The meaning of antibiotic free products can cause some confusion, mainly because there is no official or international accepted description of what it is and how to classify different types of “antibiotic-free” products or production. Further complications come with anticoccidials for prevention of coccidiosis in poultry. In fact, in some countries they are classified as antimicrobials and as such they have to be withdrawn from “antibiotic-free” productions.
When talking about meat or eggs, there are no antibiotic residues, in countries where legislation exists regarding the use of antibiotics in livestock. It means that those products are free of any antibiotic residues for human consumption, but not necessarily the birds did not receive some antibiotic, for example to treat an infectious disease, coccidiosis or as growth promoter. In those cases, the final poultry product is free of residues.
Another antibiotic-free classification is the raised without antibiotics or antibiotic-free ever, which means that the birds never received antibiotic during its life neither as treatment nor as growth promoter.
But, here is where more confusion happens. Being there is no standard classification, antibiotic-free can be misclassified as ecological, organic or free range. To be antibiotic-free there is no need to be ecological, organic, free range or any kind of alternative poultry production. Antibiotic-free is a standard poultry production where antibiotics are not used. But yes, an ecological or organic chick, does not receive antibiotic as well, as its legislation is stricter regarding feed components and other pharmaceutical products, which also varies depending on the country or regulatory agencies.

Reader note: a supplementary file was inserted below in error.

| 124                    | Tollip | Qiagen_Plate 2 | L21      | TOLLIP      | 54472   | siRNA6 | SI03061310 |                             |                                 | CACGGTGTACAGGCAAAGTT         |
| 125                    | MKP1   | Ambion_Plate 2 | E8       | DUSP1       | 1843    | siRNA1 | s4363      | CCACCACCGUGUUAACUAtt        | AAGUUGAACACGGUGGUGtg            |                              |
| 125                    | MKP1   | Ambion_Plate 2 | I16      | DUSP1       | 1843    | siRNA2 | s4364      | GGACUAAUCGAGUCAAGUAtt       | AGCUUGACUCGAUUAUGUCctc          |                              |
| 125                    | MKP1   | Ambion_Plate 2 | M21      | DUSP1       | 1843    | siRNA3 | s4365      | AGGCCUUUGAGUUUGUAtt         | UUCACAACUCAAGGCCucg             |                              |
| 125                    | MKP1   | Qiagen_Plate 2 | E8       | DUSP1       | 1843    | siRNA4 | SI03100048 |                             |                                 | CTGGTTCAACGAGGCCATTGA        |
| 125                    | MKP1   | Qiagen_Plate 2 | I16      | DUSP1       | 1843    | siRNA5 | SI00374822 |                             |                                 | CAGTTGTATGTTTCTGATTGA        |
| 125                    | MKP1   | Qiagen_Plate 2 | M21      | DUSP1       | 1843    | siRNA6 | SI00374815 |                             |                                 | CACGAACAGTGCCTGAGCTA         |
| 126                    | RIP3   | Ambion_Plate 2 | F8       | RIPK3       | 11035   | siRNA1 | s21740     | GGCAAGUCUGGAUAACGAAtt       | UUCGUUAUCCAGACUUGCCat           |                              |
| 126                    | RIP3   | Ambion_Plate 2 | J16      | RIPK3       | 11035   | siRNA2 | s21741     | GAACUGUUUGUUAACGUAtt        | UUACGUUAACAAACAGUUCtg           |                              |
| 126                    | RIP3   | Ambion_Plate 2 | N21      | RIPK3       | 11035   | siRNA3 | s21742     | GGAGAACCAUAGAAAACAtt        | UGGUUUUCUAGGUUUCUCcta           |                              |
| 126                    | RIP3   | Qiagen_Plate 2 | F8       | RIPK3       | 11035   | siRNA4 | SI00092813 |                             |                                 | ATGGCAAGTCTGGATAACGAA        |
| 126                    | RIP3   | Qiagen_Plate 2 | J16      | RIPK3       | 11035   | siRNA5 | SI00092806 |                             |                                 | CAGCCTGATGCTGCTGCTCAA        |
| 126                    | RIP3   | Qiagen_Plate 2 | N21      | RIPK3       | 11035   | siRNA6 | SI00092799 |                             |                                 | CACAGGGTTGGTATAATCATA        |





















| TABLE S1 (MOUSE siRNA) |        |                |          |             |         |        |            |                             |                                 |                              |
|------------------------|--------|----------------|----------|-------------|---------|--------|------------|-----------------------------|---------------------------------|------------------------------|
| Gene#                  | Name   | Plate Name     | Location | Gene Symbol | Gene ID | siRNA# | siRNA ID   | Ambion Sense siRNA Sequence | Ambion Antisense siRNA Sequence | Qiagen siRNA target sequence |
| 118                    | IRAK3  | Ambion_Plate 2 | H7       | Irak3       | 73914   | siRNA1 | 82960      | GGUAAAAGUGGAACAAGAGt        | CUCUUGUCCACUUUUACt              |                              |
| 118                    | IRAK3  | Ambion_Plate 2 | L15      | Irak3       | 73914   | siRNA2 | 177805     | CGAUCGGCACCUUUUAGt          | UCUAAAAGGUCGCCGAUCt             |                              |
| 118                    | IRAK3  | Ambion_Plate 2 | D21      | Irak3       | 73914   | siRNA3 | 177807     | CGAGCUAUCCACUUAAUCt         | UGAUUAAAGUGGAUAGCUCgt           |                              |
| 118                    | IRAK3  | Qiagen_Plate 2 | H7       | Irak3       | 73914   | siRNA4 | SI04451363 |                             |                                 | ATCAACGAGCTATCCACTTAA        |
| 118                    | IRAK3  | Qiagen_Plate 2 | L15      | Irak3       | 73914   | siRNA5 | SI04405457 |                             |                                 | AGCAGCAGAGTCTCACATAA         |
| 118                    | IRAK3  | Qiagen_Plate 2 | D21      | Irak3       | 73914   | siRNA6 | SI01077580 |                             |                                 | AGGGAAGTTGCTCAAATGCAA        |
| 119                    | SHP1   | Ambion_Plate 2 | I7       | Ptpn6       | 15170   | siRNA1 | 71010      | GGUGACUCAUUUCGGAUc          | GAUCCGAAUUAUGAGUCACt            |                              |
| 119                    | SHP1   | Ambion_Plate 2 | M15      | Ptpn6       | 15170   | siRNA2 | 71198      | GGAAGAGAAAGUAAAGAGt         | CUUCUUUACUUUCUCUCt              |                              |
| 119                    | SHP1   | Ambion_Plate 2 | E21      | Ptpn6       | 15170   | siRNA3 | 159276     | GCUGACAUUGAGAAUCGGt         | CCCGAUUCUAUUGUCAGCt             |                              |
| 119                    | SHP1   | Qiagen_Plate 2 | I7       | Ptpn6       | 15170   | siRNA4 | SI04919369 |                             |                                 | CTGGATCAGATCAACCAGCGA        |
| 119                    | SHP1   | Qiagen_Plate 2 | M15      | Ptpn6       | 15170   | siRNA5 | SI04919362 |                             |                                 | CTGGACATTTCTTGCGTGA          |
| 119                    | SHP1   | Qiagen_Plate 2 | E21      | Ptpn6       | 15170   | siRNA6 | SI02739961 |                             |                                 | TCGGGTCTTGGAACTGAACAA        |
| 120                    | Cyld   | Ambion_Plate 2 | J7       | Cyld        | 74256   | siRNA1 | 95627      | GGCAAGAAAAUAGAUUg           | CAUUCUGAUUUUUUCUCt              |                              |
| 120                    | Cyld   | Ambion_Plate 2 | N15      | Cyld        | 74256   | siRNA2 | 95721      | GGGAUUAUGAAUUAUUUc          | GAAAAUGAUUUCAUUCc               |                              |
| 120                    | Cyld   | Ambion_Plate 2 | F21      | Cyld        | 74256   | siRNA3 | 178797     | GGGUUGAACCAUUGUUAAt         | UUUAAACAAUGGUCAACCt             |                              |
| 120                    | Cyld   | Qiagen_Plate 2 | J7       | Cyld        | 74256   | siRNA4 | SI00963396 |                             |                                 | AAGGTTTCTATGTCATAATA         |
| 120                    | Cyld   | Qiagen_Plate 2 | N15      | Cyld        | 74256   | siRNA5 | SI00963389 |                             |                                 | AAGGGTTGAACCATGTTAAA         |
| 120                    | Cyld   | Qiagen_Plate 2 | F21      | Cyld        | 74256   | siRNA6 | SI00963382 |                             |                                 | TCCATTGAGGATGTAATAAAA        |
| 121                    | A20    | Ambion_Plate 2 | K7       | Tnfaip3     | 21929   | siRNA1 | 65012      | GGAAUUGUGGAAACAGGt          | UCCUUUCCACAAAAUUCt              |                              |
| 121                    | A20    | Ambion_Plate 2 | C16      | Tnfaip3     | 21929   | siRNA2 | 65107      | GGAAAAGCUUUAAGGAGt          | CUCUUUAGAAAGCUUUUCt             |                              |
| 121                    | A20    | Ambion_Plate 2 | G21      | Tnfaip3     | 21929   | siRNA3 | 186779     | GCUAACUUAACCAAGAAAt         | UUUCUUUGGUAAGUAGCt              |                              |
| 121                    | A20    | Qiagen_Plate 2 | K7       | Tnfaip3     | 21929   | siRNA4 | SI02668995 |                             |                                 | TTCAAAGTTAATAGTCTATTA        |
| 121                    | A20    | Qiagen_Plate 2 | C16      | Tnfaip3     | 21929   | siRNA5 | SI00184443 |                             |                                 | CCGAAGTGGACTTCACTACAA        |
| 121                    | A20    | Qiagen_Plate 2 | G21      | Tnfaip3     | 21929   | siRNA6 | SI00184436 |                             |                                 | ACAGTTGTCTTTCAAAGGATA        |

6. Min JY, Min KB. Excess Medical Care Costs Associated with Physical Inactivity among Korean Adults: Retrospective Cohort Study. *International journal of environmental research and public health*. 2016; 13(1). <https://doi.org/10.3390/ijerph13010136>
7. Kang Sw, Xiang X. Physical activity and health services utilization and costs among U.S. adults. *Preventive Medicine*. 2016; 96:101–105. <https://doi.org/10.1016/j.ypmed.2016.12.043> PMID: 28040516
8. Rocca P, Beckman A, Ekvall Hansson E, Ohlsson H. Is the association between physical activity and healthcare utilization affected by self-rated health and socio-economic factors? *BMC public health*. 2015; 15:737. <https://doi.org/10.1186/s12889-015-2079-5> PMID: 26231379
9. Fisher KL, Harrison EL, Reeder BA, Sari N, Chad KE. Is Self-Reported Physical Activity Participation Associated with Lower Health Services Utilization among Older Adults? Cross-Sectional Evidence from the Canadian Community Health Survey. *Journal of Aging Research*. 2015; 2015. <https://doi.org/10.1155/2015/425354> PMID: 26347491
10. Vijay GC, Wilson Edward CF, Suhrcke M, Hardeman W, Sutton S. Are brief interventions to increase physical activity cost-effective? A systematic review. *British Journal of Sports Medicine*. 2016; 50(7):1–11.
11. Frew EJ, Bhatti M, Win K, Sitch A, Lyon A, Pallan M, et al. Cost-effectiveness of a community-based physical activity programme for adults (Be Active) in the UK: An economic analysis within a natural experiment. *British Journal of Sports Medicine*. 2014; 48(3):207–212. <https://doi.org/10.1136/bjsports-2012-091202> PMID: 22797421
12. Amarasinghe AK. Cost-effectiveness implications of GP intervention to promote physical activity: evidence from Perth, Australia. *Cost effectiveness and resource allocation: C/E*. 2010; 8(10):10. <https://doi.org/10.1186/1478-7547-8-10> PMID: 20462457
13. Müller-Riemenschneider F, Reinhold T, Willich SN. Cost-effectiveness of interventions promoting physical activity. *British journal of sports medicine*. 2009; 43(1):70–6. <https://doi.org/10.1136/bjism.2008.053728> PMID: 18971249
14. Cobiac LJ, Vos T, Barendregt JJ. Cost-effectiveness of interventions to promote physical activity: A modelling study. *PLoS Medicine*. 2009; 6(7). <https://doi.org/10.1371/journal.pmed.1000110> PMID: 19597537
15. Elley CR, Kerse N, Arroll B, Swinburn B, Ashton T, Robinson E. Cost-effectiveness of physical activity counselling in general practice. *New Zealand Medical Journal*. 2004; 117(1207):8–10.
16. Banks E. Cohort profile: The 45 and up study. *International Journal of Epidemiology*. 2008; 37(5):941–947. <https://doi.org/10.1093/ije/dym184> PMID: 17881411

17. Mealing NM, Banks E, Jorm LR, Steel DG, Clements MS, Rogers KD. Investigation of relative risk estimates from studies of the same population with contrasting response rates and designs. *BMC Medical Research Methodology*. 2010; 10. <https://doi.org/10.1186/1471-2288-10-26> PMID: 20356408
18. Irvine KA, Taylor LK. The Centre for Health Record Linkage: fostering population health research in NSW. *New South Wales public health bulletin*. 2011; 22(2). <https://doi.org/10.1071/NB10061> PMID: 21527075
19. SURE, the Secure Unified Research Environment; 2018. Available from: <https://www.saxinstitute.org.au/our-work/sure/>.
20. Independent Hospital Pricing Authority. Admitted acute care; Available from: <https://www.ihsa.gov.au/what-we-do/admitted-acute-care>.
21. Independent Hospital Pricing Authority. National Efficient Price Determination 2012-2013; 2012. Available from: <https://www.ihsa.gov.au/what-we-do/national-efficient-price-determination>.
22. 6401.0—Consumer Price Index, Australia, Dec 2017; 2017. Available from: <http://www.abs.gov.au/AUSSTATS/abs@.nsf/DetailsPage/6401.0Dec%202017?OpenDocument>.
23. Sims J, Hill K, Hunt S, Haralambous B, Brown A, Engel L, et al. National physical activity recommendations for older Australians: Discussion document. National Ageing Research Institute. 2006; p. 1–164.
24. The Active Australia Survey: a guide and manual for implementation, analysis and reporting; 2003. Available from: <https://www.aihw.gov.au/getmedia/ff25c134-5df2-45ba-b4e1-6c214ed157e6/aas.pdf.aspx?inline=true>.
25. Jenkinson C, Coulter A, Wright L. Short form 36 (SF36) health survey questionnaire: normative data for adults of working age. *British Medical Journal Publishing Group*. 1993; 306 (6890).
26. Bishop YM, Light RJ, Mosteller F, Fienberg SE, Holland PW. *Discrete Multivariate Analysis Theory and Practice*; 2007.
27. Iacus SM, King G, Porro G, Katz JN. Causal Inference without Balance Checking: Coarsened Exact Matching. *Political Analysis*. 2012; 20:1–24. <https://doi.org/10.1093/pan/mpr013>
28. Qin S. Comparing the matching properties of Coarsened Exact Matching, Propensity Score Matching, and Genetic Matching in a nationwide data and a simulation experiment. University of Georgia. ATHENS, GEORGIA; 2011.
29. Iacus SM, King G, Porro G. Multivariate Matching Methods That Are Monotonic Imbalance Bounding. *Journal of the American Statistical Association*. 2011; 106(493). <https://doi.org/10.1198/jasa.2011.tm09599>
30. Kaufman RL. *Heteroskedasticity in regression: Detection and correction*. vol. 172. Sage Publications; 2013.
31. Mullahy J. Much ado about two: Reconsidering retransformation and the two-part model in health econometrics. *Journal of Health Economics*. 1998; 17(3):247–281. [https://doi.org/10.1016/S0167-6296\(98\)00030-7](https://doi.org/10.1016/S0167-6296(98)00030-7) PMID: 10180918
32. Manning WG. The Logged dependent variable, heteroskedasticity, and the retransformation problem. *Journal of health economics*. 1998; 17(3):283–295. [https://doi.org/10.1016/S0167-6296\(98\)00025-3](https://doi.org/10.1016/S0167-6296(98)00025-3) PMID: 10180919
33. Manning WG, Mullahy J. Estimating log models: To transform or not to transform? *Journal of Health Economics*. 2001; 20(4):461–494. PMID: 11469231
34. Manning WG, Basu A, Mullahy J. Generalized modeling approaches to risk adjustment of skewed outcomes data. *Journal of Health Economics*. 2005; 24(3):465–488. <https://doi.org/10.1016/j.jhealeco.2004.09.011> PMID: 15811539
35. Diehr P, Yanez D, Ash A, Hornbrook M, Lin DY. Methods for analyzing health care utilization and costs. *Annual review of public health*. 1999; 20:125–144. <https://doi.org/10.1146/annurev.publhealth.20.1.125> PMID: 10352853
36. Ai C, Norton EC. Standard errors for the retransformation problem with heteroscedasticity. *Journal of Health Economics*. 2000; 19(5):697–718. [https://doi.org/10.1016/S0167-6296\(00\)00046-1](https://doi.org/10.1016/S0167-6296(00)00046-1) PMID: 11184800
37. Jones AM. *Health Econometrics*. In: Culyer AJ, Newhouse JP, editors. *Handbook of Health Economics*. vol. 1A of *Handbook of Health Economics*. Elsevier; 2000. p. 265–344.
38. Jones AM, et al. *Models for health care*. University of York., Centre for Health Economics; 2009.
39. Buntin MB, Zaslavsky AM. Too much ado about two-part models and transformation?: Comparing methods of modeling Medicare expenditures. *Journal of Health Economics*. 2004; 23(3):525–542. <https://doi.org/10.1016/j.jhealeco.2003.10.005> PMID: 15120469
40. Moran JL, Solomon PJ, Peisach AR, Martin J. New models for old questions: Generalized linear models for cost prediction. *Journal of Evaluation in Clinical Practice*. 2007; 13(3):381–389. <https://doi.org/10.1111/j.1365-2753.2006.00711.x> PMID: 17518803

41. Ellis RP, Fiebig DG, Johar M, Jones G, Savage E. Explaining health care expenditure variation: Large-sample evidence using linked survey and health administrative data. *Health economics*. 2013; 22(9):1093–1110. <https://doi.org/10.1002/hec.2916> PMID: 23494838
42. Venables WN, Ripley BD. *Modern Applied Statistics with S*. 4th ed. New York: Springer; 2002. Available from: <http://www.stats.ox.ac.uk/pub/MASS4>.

Different countries have different classification for production. The National Chicken Council (USA) defined it very well as we can see at the Chickopedia: What Consumers Need to Know. It describes different types of poultry and what is needed to reach the requirements to fulfill each category.
The main concern actually is not if the meat or egg have or not antibiotic residues, or if the animal received antibiotic during its life, but the potential risk for microorganisms to develop resistance to antibiotics. It is a real concern for both, human and animal health.
The World Health Organization (WHO) is concerned about antimicrobial resistance in general, not only antibiotics. All antimicrobials should be avoided for resistance potential risk, although certain antibiotics are close to be banned for animal health use. Some products are accepted to be used for animal health because there is no potential risk for human health, as they are not used for any human disease, as Ionophores. In USA, they are accepted to be used for coccidiosis in poultry control as stated in the national plan for antibiotic resistance control. But in the European Community, they are considered antimicrobials and as such, they cannot be used in antibiotic-free flocks.